Veterans battle their service-related injuries, both physical and emotional, in a variety of ways. A Marine veteran, and now graduate of the University of Texas at Arlington, is tackling his PTSD head on by training himself to help other veterans do the same.
37-year-old Jason Simmons, served eight years in the Marine Corps, much of it in counter intelligence and human intelligence. His first real-world encounter was the October 2000 bombing of the USS Cole in Aden, the terrorist attack that killed 17 U.S. sailors.
"She was still sitting there, gaping hole in the side,” he recounted as one of the first security teams to arrive at the Cole to set up the initial security perimeter.
Several tours of Iraq would follow. Tours that included dodging sniper fire, watching SCUD missiles fly overhead. But he says one firefight in particular with Saddam Hussein's special forces is one he simply can't forget.
"To this day I don't know if it was intentional on their part, but there were civilians in the crossfire. They [Iraqi soldiers] were firing through them and we had to return fire.”
"There's a picture of one of our corpsmen, cradling a little girl,” he said. "It was an Iraqi family - mom, dad, two little kids. Don't know what happened to her. Most of them died though."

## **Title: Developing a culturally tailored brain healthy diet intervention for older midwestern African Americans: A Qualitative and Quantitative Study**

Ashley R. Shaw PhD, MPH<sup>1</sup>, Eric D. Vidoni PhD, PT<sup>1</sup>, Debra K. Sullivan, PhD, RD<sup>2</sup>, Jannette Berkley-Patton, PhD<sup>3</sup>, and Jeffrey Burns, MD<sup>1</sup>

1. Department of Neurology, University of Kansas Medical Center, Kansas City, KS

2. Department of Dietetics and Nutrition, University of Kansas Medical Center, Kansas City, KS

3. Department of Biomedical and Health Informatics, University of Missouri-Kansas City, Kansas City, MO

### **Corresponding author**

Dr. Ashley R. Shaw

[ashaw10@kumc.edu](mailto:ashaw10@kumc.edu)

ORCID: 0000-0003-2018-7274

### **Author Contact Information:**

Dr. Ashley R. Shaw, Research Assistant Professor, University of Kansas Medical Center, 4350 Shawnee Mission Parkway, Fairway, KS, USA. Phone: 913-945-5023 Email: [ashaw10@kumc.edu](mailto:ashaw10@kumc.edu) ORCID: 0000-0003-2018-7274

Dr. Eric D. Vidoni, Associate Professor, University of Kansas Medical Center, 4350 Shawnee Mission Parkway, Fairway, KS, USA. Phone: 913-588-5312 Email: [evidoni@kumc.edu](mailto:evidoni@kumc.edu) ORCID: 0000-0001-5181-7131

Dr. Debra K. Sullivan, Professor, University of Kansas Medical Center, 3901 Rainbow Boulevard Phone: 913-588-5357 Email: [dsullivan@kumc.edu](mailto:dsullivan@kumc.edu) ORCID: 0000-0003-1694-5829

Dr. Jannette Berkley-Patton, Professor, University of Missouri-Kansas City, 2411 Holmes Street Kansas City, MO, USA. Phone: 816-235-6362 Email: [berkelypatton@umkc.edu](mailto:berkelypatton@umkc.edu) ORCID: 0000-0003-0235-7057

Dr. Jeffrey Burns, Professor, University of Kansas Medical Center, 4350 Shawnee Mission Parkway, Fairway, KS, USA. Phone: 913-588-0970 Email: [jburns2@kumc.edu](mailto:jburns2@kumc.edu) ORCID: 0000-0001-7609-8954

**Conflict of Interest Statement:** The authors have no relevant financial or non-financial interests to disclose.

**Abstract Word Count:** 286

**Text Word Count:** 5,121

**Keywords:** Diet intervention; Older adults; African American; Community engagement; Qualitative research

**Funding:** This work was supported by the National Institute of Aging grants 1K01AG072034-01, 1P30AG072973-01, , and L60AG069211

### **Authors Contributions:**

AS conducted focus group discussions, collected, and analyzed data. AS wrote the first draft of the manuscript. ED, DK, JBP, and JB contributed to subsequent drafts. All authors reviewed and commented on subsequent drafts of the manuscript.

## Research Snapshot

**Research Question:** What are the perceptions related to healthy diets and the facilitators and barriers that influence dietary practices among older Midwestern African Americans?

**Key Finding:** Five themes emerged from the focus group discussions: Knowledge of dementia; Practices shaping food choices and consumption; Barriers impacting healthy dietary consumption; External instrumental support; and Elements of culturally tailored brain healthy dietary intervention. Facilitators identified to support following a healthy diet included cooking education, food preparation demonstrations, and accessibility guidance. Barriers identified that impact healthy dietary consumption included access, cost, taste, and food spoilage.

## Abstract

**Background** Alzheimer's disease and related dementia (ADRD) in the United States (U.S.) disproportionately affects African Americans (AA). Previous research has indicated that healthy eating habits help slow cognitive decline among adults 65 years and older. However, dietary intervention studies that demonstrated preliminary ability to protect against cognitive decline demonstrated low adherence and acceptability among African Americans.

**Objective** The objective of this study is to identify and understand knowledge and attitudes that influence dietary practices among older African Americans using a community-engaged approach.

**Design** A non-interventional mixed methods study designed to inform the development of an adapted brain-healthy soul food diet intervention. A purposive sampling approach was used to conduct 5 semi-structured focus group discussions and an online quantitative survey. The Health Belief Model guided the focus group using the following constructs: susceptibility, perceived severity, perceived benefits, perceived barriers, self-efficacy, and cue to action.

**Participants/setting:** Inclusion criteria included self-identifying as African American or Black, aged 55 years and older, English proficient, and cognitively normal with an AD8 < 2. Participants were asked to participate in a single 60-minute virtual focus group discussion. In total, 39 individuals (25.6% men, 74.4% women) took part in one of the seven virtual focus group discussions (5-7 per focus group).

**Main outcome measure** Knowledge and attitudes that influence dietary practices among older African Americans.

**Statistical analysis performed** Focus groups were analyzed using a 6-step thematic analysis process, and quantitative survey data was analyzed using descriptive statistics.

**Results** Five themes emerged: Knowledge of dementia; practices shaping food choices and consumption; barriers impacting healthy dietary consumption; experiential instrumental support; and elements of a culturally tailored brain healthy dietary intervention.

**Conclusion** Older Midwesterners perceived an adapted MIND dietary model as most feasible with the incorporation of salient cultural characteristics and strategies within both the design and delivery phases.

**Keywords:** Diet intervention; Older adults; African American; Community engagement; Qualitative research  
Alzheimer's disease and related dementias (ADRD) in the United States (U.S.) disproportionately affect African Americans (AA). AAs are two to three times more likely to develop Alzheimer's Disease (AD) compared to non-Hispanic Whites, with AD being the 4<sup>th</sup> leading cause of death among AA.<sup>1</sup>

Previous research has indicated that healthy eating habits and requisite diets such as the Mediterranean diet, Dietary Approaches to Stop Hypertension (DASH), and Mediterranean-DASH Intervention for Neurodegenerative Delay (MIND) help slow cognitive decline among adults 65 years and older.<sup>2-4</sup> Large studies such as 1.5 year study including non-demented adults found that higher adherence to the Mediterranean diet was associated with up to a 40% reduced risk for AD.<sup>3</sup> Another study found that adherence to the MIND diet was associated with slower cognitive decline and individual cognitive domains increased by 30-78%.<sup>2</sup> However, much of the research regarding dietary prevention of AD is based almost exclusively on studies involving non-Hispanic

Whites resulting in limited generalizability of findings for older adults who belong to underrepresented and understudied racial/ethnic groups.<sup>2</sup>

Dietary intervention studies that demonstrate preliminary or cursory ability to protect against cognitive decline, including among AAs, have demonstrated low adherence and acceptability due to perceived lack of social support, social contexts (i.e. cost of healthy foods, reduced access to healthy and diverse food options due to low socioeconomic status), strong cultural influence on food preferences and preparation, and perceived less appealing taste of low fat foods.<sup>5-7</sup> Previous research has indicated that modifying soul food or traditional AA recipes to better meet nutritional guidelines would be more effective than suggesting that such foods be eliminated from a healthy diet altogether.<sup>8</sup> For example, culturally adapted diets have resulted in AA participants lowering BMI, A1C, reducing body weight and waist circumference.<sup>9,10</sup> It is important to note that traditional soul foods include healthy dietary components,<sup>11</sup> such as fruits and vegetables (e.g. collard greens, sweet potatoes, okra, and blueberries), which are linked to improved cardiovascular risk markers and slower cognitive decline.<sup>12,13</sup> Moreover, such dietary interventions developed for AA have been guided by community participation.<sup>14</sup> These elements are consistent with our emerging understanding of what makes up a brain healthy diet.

"So yeah that was the worst,” he said, not knowing whose gunfire killed whom.
So, what does a Marine diagnosed with PTSD do with his life after that? In Simmons case he arms himself for his next battle. Which is why you might find him in the library at UT Arlington where he just finished his Master’s degree in Social Work with an emphasis in mental health and substance abuse. He wants to go back to the military as a counselor. Because who better to help a soldier struggling with a return to civilian life than one who's already walked the same path.
"It's foreign to them again,” he said of a veteran returning to life as a civilian. “And they have to adjust and sometimes that adjustment can be exceedingly difficult."
Now, this Marine who used to work behind a gun, quotes influences like psychiatrist and Holocaust survivor Viktor Frankl, who taught that we all need to find "meaning" - to find a reason to keep living.
"Every experience you go through, good or bad, is what makes up who you are. So, what you choose to do with it is up to you."
Now this Marine, a husband and father of three armed with a Master’s degree, is on the road to becoming a PTSD counselor – choosing to keep fighting for himself, and for any other veteran whose burden is too heavy to carry alone.